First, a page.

Keep Your Company in Crisis Mode to Stay Competitive

Business leaders ready to return to normal are operating with a losing strategy that could put them out of business

Peter Newell


A cloud on a black background is superimposed over a US dollar bill.
Image: John Lund/Photodisc/Getty Images

In times of crisis, companies innovate out of necessity. When the crisis is over, the urgency to act wanes, and we come to operate under a new version of “business as usual.” But are all the new ways of doing business necessarily better than the old ways? And, more importantly, which new systems are only Band-Aids for persistent and serious injury?

The businesses that think everything will go back to “the way things were” are operating on a losing strategy that could put them out of business. Customer behaviors will have changed irrevocably; old markets will close, and new ones will open. The businesses that will thrive in this new environment are those that will continue to leverage the tools and processes they adopted during the crisis. They’ll be the ones to capture new opportunities and bounce back faster than the competition.

Here’s how to prevent the backward slide into “business as usual,” retain the right crisis-driven innovative processes, and ensure your organization can adjust to a world with new business rules.

Roadblocks to innovation

First, it’s important to understand why innovation is or is not taking root in your organization. Drawing from years of enterprise-level diagnostic work, we’ve identified several common innovation bottlenecks.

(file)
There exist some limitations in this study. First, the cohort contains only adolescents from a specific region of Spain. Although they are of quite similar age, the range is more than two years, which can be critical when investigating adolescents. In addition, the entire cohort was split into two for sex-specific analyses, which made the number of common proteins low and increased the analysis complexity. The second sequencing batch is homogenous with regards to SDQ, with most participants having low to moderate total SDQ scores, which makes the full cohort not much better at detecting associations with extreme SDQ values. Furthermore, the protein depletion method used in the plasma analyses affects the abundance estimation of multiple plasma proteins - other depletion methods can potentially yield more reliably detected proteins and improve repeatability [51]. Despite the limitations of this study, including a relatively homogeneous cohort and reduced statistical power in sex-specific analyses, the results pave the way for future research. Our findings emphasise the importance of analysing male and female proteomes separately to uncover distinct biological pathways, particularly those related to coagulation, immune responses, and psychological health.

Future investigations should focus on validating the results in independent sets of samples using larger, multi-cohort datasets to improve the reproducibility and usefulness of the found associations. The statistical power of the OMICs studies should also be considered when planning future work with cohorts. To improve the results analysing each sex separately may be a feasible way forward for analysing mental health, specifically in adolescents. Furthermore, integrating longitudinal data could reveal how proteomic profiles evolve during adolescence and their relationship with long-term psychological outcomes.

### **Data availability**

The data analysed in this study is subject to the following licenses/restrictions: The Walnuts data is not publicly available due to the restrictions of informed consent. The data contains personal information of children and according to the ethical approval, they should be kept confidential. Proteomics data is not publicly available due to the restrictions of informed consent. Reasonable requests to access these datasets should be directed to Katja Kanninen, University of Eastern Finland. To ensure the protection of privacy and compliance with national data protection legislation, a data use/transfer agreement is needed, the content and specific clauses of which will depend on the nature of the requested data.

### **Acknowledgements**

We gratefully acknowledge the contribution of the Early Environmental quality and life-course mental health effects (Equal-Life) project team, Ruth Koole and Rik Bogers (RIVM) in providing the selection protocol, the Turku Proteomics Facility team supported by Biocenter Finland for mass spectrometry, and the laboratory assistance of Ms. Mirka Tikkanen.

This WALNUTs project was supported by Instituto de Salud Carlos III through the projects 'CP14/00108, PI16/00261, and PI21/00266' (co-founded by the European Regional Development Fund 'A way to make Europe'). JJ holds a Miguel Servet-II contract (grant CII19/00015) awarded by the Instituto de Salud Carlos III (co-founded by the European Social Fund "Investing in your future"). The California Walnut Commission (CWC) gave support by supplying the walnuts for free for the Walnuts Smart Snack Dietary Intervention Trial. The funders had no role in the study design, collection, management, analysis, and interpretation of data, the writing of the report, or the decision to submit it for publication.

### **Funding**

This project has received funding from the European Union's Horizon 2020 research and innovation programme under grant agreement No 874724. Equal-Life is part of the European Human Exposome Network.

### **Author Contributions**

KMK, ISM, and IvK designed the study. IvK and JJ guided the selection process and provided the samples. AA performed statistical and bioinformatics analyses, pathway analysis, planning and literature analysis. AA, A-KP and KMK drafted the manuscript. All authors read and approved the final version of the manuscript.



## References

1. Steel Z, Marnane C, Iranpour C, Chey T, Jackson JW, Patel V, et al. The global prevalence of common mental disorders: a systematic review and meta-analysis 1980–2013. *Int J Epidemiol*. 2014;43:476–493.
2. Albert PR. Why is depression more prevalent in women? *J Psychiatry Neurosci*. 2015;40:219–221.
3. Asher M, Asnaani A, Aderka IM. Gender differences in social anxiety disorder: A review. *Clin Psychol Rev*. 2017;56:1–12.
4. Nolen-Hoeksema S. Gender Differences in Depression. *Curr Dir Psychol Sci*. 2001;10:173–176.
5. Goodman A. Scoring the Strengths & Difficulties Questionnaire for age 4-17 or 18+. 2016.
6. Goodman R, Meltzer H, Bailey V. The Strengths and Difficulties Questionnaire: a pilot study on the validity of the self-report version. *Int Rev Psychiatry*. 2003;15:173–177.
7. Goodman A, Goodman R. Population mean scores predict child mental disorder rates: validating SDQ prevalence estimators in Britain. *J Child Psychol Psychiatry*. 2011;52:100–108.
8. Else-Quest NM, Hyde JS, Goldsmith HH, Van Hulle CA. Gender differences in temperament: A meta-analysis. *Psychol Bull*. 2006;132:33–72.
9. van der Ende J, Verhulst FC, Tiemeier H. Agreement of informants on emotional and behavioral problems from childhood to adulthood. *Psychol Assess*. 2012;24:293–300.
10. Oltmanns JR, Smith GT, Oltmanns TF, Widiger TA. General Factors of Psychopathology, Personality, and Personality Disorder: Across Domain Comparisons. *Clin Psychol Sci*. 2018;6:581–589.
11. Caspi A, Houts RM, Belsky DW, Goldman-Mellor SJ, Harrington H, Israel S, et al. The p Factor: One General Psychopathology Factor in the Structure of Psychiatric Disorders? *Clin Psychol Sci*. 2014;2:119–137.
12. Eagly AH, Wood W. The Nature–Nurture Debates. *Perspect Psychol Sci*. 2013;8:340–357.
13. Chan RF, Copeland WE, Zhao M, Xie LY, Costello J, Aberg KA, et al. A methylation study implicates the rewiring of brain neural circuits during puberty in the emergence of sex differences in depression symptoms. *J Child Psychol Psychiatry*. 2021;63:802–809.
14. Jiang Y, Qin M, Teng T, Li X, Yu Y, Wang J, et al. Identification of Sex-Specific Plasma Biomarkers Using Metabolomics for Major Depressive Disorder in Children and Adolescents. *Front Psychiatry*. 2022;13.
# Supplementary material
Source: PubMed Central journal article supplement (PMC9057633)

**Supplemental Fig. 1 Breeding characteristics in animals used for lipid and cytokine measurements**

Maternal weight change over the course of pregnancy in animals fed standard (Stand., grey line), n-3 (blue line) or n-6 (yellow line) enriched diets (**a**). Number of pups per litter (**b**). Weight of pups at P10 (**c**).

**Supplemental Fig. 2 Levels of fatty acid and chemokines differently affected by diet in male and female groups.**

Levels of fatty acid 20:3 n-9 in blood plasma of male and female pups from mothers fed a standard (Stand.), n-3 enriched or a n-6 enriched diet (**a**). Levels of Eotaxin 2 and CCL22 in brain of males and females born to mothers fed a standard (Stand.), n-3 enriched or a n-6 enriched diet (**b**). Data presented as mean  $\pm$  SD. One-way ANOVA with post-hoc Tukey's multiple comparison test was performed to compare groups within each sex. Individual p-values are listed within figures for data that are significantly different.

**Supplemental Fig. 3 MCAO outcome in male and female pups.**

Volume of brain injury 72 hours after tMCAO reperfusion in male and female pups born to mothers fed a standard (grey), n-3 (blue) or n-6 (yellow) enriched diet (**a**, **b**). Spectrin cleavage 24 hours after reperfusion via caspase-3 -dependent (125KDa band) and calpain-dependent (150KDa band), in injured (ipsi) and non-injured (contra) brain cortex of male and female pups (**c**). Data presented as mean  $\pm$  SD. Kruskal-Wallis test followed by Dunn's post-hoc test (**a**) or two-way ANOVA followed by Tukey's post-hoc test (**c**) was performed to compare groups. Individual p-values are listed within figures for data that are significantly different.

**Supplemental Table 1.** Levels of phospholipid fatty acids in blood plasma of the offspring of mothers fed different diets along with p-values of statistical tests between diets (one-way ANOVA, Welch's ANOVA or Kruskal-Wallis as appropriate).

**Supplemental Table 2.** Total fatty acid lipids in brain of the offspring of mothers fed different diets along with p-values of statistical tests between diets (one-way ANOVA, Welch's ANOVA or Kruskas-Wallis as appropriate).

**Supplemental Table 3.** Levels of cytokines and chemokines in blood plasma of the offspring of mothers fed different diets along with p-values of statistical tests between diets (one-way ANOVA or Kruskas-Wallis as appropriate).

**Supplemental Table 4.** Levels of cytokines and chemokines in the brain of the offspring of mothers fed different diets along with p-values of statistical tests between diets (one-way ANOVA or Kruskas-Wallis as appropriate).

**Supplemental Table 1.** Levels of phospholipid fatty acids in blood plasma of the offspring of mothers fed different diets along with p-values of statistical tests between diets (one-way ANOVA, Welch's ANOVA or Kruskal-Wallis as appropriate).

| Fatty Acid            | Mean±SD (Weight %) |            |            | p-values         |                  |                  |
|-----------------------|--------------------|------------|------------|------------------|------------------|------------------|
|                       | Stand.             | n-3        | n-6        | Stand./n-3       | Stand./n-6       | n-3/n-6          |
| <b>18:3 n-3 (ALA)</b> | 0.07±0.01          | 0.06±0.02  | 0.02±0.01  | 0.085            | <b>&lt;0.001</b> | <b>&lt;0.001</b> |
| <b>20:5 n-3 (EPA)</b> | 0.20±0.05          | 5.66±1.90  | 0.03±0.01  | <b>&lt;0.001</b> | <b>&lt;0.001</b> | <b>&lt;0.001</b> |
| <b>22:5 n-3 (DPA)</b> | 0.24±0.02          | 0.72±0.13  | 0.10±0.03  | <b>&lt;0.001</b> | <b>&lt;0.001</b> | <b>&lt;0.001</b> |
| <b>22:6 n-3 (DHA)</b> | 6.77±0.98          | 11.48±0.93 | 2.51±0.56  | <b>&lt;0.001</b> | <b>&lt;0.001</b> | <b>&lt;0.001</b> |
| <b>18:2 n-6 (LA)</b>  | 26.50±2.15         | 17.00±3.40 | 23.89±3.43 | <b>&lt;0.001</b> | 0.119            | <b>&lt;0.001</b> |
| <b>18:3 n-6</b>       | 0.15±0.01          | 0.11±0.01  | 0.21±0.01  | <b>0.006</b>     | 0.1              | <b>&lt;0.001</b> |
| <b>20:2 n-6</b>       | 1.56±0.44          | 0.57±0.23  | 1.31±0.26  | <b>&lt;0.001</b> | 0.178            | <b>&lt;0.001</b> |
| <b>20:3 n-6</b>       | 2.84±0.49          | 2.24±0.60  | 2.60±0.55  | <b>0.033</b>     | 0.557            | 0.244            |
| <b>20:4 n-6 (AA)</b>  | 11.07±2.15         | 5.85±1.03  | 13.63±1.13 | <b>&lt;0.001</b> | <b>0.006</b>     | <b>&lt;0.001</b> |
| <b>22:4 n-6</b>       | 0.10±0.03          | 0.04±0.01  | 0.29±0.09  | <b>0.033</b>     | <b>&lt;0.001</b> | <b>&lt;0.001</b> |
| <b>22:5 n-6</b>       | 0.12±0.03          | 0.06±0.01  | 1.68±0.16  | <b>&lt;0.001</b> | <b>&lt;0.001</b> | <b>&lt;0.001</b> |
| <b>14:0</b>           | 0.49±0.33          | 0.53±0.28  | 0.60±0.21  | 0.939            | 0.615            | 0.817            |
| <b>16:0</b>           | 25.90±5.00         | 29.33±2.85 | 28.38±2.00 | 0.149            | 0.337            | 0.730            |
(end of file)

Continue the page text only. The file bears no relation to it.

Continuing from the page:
For instance, most organizations lack a comprehensive innovation system. Innovation happens in silos. Often, there isn’t a companywide buy-in; senior leaders can’t drive innovation on their own. If there is a lack of insight into activities underway, you’ll lose a crucial — and often difficult-to-achieve — level of support from the rest of the team.

The key is to start now, in the heat of the battle, by capturing the changes your organization is making — and the processes by which the impossible is being accomplished.

Personal judgment — not validated data — tends to drive decision-making. Because data remains in silos, decision-makers are left to count on their experience alone, which leads to poor decisions. Too little time is als0 spent properly curating problems and building processes. Increased emphasis on prototyping and experimentation is often done at the expense of properly understanding and curating the right problems to work on and at the expense of building systems for scaling solutions out of the innovation pipeline.

Start thinking long term now

With a bit of due diligence, your company can avoid these sticking points and remain competitive post-pandemic. The key is to start now, in the heat of the battle, by capturing the changes your organization is making — and the processes by which the impossible is being accomplished. Lay those changes out in a framework that mirrors how innovation flows through your organization to help you understand how they relate to one another and your organization’s mission.

Businesses possess the way forward already.

It doesn’t matter if it’s a new collaborative software platform, a new sales process, or a change so small you almost didn’t notice it. To properly assess every change you’ve made during the Covid-19 crisis for its effectiveness in the future and to maintain the innovation momentum you’ve achieved through this emergency, follow these five steps: